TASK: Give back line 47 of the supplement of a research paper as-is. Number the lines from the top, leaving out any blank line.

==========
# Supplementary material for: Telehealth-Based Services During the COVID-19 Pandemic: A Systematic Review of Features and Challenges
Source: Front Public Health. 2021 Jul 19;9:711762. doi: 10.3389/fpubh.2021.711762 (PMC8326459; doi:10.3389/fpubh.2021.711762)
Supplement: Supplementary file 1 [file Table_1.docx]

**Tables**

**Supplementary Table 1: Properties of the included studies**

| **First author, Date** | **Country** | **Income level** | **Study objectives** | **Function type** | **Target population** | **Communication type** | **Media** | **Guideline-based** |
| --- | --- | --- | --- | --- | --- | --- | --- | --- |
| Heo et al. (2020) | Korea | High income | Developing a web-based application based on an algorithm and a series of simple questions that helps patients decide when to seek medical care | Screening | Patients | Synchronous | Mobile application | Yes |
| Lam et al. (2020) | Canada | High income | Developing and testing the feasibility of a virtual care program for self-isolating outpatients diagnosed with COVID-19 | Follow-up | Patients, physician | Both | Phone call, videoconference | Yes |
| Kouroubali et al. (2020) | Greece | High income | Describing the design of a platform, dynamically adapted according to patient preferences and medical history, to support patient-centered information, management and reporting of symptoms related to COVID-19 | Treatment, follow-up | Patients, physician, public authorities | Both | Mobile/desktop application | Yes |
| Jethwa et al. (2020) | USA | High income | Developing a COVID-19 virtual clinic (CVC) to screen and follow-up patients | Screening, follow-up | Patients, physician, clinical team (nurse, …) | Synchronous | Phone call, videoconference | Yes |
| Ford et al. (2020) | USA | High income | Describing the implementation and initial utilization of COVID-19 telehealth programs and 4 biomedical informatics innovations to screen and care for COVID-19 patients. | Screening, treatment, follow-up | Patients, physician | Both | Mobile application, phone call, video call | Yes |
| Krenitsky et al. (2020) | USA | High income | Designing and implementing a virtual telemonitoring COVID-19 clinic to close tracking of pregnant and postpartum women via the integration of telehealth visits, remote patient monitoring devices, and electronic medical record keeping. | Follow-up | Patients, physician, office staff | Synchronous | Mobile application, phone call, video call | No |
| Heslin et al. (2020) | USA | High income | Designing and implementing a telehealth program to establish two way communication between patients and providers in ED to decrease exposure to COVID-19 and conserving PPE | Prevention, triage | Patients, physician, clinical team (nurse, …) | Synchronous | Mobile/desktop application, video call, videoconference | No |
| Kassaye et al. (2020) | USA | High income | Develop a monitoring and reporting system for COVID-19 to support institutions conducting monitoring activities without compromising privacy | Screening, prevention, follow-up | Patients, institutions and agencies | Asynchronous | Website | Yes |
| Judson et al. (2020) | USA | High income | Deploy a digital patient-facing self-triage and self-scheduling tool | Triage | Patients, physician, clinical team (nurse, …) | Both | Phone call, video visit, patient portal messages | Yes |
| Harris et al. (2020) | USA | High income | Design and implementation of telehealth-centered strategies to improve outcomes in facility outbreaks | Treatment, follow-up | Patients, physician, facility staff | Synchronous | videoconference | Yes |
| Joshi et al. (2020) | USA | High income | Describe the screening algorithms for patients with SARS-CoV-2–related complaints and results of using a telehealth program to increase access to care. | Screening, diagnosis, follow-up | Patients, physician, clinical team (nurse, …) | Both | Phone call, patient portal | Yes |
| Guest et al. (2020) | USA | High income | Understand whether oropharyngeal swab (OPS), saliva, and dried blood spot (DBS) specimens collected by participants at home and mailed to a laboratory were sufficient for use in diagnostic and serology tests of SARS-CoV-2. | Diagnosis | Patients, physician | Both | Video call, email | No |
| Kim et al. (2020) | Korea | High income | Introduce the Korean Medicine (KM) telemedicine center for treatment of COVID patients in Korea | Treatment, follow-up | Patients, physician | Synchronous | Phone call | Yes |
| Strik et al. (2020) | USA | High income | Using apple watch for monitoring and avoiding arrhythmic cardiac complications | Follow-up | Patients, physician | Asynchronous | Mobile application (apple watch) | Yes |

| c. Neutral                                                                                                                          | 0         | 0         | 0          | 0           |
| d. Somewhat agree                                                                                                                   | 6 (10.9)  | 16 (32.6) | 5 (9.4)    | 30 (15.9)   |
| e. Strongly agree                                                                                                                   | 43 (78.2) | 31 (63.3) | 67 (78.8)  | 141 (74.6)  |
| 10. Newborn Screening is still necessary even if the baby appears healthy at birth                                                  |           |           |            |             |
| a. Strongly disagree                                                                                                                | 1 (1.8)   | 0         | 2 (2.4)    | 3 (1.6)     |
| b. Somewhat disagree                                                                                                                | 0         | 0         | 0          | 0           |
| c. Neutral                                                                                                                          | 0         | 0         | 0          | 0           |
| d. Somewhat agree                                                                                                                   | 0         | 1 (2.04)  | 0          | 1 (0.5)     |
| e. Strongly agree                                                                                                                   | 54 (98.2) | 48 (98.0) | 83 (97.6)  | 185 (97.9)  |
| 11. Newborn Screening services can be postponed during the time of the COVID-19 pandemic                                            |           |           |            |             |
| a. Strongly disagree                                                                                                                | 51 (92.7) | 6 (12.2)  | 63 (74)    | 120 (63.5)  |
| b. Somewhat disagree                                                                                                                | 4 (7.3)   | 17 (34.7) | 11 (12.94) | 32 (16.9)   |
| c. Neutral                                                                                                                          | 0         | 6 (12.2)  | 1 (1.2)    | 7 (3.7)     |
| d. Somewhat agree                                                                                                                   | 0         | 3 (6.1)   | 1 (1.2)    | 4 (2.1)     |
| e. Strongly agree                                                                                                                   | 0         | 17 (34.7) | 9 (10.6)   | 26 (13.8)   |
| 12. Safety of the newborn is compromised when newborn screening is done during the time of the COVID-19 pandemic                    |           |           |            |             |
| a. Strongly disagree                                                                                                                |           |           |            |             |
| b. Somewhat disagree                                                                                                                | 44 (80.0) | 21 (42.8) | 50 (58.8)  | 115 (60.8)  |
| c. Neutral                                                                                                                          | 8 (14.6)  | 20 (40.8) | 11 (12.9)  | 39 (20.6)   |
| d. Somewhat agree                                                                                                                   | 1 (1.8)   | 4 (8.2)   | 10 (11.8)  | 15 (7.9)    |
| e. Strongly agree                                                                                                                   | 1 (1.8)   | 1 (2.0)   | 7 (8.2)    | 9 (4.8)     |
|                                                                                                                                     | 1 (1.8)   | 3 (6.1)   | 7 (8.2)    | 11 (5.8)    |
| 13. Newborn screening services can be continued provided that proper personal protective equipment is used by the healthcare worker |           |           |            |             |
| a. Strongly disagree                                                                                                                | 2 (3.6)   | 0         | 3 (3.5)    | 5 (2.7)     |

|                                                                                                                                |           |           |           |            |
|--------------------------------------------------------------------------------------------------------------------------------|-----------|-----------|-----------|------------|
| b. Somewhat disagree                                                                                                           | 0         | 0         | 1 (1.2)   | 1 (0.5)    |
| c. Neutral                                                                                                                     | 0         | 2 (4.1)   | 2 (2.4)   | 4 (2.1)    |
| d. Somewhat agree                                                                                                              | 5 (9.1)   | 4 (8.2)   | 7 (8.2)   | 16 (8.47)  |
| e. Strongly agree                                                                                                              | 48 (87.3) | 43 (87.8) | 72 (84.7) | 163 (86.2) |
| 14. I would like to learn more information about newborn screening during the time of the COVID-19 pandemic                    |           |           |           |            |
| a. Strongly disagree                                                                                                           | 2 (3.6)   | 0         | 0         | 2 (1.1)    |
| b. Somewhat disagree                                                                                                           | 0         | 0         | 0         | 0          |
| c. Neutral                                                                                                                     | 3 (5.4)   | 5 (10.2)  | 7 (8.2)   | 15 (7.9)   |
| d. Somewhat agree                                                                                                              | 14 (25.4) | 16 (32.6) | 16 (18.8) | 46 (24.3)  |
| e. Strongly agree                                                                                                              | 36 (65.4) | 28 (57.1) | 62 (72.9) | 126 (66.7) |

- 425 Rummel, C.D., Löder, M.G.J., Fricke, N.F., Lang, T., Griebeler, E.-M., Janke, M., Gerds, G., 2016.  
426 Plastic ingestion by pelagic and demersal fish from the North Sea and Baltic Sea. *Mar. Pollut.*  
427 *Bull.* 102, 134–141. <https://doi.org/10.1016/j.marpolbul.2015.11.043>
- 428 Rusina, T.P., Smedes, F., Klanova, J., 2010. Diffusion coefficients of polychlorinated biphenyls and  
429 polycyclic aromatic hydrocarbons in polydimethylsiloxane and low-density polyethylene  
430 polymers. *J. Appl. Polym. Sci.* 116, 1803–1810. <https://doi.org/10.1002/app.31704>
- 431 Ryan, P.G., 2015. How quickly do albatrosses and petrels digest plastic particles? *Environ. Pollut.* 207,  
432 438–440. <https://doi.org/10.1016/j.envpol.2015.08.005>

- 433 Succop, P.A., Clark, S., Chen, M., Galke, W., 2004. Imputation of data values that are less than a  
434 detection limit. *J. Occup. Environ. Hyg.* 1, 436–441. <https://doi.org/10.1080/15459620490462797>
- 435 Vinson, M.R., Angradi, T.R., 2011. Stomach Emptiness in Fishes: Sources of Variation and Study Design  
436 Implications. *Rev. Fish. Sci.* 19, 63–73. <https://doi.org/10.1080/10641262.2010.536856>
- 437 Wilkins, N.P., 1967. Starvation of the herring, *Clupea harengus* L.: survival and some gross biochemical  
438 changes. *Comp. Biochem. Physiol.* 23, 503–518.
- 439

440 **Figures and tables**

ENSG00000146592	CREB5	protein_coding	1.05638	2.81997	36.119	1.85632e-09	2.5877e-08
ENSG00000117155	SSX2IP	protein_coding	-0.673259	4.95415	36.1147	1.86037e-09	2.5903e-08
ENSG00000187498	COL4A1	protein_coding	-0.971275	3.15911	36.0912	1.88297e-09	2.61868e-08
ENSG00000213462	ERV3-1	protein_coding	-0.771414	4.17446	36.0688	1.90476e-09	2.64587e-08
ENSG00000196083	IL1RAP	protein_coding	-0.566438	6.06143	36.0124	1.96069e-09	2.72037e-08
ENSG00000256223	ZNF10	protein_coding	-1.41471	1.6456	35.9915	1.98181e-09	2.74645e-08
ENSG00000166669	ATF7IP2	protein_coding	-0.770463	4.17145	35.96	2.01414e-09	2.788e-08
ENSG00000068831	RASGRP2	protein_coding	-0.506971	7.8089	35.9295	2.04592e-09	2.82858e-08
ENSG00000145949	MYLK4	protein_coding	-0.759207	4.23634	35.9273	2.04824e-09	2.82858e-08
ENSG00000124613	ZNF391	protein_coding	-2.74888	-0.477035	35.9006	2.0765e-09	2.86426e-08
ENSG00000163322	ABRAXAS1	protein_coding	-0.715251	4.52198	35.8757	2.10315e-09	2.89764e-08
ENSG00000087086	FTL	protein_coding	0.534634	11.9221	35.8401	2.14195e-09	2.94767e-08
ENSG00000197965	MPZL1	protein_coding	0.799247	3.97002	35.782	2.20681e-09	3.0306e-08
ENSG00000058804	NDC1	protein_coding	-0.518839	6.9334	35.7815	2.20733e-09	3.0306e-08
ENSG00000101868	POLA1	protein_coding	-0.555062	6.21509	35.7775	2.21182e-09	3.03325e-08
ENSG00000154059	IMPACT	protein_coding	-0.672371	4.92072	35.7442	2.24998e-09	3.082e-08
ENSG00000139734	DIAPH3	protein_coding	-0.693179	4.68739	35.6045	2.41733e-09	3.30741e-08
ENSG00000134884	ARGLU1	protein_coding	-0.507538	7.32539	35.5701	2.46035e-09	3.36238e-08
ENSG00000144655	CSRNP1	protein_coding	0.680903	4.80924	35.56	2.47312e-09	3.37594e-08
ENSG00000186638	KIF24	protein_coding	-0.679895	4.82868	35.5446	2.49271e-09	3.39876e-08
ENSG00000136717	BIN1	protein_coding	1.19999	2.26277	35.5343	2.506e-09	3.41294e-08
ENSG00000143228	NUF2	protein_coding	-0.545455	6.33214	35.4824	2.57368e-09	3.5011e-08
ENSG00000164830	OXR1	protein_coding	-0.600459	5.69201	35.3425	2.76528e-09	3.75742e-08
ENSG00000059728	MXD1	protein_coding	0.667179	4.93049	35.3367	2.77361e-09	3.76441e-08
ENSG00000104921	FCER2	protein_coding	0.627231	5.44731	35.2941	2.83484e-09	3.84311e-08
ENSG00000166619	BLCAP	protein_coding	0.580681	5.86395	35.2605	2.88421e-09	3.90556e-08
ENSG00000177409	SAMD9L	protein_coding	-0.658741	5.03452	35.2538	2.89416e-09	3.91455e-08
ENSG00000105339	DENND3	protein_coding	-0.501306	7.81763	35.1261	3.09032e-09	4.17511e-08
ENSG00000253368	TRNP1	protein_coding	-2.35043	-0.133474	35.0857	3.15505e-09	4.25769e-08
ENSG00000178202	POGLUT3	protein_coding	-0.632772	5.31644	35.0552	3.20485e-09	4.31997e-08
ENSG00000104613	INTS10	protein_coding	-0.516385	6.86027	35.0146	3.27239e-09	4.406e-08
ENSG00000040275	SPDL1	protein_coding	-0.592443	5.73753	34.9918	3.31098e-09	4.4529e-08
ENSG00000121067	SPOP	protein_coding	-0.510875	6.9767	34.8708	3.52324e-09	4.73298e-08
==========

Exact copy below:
|--------------------------------------------------------------------------------------------------------------------------------|-----------|-----------|-----------|------------|